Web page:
SA faces ‘failed state status’ over graft, warns SC
South Africa is staring “failed state status” in the face and urgent steps are needed to address the scourge of corruption.
This is the view of Paul Hoffman, SC, from the Institute for Accountability in Southern Africa, who has told the Cape Town Press Club that Parliament is simply rearranging the deckchairs on a sinking Titanic by trying to keep the Directorate for Priority Crime Investigation – the Hawks – in the SAPS.
In a Constitutional Court judgment handed down in businessman Hugh Glenister’s case challenging the government’s decision to shut down the Scorpions unit – which was located in the National Prosecuting Authority – MPs were given 18 months to create an anti-corruption unit that would be free of political interference.
But MPs are determined to retain the Hawks as the country’s premier corruption-busting entity – and equally determined to keep the unit in the police, despite 17 out of 18 public submissions and all opposition parties recommending otherwise. The portfolio committee on police is working on a draft law aimed at enhancing the independence of the Hawks.
But Hoffman, who represented Glenister in the groundbreaking Constitutional Court case, dismissed these efforts as “hopelessly inadequate”. He said that instead of using this opportunity to establish a truly independent and insulated corruption-fighting entity, the bill now under discussion “simply tries to do the minimum to comply with the court judgment”.
“Fighting corruption is not a part-time job. It is not something you tack on to the end of a priority crime investigative unit. It requires dedicated attention by a specialist body… (The Hawks) do all sorts of good work – going after poachers and dealing with human trafficking – but they don’t have the time for the dirty and difficult business of dealing properly with corruption.”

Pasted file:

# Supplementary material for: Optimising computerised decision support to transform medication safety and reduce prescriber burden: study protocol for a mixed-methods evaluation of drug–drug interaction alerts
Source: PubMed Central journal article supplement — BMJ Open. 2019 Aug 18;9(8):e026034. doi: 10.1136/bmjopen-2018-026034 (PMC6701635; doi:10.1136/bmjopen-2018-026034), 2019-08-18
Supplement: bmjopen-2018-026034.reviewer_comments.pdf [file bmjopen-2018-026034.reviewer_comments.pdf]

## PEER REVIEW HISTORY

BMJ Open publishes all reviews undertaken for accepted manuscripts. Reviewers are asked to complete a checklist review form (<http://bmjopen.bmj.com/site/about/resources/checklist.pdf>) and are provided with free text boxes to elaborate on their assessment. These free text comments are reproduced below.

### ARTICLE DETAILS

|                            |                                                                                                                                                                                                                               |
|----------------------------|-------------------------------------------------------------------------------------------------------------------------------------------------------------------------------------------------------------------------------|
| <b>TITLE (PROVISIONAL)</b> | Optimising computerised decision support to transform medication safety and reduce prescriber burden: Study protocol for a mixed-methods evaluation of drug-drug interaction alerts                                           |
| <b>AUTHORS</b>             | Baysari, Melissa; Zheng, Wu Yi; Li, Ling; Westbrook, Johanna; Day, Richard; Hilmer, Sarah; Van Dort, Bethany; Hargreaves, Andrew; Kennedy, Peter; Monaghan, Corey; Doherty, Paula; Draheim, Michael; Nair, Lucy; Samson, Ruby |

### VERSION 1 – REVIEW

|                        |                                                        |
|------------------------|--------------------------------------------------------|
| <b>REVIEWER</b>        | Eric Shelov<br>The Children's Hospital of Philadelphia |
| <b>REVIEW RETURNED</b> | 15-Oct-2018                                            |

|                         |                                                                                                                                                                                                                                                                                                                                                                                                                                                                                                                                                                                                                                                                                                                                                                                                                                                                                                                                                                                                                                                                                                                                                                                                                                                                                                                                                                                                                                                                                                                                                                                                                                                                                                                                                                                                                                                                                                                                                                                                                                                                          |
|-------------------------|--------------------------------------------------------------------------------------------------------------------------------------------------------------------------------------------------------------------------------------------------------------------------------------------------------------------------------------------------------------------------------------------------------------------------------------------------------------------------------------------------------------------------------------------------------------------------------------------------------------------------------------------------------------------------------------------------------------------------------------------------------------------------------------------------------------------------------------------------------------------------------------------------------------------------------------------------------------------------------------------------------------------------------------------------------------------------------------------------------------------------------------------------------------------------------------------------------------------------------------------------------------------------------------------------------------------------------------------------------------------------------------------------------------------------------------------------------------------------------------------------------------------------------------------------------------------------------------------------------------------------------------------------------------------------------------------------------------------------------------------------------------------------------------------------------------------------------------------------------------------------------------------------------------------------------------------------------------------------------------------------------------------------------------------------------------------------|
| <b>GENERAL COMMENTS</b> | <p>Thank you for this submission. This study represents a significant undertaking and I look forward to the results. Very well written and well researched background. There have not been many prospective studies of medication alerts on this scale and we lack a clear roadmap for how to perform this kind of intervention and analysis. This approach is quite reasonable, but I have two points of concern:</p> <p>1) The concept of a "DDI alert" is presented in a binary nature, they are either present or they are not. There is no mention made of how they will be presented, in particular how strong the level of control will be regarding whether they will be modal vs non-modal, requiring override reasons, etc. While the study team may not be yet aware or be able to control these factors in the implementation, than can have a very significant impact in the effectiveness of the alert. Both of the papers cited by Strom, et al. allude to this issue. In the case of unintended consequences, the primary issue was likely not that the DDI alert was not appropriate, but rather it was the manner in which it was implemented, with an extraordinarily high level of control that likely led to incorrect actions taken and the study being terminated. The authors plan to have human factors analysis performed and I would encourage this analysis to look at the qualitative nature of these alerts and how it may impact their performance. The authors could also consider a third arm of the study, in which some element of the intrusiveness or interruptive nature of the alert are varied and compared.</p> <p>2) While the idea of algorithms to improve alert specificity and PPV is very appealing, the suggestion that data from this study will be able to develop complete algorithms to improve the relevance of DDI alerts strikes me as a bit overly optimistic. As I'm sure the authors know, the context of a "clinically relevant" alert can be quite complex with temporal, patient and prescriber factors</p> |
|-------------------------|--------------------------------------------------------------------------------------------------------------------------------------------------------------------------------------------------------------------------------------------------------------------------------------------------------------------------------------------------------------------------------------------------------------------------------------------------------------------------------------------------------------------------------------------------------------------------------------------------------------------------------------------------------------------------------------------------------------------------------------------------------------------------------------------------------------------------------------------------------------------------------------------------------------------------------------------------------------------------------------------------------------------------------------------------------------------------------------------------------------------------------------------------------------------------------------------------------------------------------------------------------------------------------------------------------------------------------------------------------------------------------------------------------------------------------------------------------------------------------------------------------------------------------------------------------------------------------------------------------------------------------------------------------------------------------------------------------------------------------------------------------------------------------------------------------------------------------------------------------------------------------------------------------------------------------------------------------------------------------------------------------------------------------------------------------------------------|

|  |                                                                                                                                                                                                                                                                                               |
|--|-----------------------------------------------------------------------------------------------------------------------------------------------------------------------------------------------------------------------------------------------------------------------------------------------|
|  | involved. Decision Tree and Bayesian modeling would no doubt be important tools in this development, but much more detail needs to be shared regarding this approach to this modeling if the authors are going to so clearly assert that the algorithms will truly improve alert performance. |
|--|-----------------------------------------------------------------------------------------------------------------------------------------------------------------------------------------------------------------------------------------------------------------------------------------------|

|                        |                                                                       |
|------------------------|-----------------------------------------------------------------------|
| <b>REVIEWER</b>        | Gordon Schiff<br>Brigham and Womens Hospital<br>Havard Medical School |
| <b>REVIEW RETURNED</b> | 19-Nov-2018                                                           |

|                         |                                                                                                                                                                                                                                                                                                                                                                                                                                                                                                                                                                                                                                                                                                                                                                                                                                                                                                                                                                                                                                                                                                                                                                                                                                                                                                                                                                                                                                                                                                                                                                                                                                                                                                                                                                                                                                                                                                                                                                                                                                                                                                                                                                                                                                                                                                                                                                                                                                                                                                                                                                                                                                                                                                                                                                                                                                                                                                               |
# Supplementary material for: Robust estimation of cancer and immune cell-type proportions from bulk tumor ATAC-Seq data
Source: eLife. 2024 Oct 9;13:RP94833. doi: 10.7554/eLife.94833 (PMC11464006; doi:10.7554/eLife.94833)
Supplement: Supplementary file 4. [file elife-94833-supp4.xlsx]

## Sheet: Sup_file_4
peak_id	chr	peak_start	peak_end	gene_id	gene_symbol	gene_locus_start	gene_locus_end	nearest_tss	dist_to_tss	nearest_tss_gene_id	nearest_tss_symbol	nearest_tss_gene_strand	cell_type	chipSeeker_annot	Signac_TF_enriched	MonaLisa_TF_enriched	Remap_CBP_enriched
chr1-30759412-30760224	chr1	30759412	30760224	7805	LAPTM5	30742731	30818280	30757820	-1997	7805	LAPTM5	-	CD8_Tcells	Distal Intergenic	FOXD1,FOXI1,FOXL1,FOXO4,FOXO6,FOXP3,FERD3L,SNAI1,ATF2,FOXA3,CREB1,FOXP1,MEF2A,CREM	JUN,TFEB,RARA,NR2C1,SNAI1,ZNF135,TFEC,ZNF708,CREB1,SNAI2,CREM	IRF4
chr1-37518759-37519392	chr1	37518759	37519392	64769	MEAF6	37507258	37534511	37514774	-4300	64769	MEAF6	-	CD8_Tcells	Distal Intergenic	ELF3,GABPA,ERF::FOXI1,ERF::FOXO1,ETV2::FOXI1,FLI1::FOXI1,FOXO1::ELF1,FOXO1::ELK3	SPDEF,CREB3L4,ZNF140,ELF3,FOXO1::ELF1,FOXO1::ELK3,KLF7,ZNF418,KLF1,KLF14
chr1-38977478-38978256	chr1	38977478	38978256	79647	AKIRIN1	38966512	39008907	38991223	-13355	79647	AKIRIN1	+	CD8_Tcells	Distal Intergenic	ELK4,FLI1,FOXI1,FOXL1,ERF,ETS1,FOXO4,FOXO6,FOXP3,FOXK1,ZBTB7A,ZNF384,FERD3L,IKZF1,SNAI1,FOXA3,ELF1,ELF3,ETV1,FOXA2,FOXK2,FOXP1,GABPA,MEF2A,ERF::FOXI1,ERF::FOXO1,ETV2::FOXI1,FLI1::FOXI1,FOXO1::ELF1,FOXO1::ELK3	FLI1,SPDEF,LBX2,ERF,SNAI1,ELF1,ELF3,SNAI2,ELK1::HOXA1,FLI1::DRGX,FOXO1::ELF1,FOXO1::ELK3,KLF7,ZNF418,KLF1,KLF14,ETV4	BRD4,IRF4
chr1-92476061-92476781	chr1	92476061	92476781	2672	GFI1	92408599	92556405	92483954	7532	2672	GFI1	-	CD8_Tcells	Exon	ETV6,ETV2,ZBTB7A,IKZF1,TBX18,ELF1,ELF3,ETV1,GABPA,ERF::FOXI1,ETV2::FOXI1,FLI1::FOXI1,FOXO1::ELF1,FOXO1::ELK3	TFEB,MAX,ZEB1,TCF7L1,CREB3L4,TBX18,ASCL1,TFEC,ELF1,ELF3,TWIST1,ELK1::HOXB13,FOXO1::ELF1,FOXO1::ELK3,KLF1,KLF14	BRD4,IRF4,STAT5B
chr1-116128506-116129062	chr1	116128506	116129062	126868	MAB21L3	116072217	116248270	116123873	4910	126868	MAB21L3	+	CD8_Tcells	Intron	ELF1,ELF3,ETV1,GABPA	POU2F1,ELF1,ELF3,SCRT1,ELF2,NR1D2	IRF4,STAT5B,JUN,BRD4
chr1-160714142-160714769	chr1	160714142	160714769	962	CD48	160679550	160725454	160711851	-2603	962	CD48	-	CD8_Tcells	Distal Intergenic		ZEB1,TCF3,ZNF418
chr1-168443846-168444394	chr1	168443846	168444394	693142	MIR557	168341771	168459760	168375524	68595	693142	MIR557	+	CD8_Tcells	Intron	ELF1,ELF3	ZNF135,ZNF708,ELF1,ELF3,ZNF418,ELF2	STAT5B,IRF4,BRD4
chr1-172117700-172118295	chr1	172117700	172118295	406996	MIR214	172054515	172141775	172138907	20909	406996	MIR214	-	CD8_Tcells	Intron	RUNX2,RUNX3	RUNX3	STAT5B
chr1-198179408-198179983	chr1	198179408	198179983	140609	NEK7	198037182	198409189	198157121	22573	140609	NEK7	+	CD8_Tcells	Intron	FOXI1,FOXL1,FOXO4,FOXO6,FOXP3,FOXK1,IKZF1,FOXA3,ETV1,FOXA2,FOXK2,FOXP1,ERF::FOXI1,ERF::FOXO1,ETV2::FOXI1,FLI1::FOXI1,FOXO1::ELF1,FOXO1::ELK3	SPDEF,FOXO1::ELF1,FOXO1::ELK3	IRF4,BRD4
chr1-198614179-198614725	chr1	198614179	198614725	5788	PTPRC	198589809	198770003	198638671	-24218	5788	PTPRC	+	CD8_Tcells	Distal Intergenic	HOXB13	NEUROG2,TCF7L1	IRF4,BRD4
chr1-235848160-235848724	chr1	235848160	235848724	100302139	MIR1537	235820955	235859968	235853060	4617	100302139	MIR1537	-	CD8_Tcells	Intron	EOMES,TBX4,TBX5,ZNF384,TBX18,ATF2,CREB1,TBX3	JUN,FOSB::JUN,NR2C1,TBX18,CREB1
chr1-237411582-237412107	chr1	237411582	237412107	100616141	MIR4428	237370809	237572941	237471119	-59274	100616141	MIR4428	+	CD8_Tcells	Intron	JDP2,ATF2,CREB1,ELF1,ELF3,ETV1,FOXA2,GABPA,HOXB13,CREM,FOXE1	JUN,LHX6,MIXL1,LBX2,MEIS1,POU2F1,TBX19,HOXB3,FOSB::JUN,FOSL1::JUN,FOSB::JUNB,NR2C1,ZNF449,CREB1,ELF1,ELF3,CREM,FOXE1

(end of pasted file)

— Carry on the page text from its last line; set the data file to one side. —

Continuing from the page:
The advocate cited the saga of former crime intelligence boss Lieutenant-General Richard Mdluli as one example of the problems units like the Hawks faced when confronted with investigations that involved well-connected and politically powerful individuals.
“Let’s face it, (General) Mdluli is an own goal right in the middle of the back of the net. The Hawks were trying to investigate him and his pals and were told to back off, leave it alone. And this matter is now being carefully hidden under the rug called the inspector-general for intelligence, who works in secrecy and silence.”
Hoffman suggested that the Hawks be left to continue investigating priority crimes, but that an entirely new commission be established – with the name The Eagles – to focus on corruption. It should be a Chapter 9 institution on the same level as, for instance, the Public Protector’s office and the auditor-general. In the modern age, the training required by anti-corruption officers “is not the type of training that you get at police college”.
“Corrupt people are usually sophisticated, intelligent, and well organised. And you don’t gain the skills to deal with them by being (a bobby on the beat).”
The Constitutional Court specifically required that whatever the anti-corruption capability the government decided on, it should be adequately resourced and sufficiently distant from the political sphere to ensure its independence. On the question of resources, Hoffman said his proposed anti-corruption commission should be granted, in law, a fixed percentage of the GDP or tax revenue.
“If politicians can turn off the taps and stand on the oxygen pipe, it’s not going to work. You have got to have guaranteed funding.”
Hoffman said the legislature’s efforts to turn the Hawks into a unit of Super-Hawks was bound to fall short of the constitution’s requirements. “Eagles fly higher, see further and go after considerably bigger prey (than Hawks).”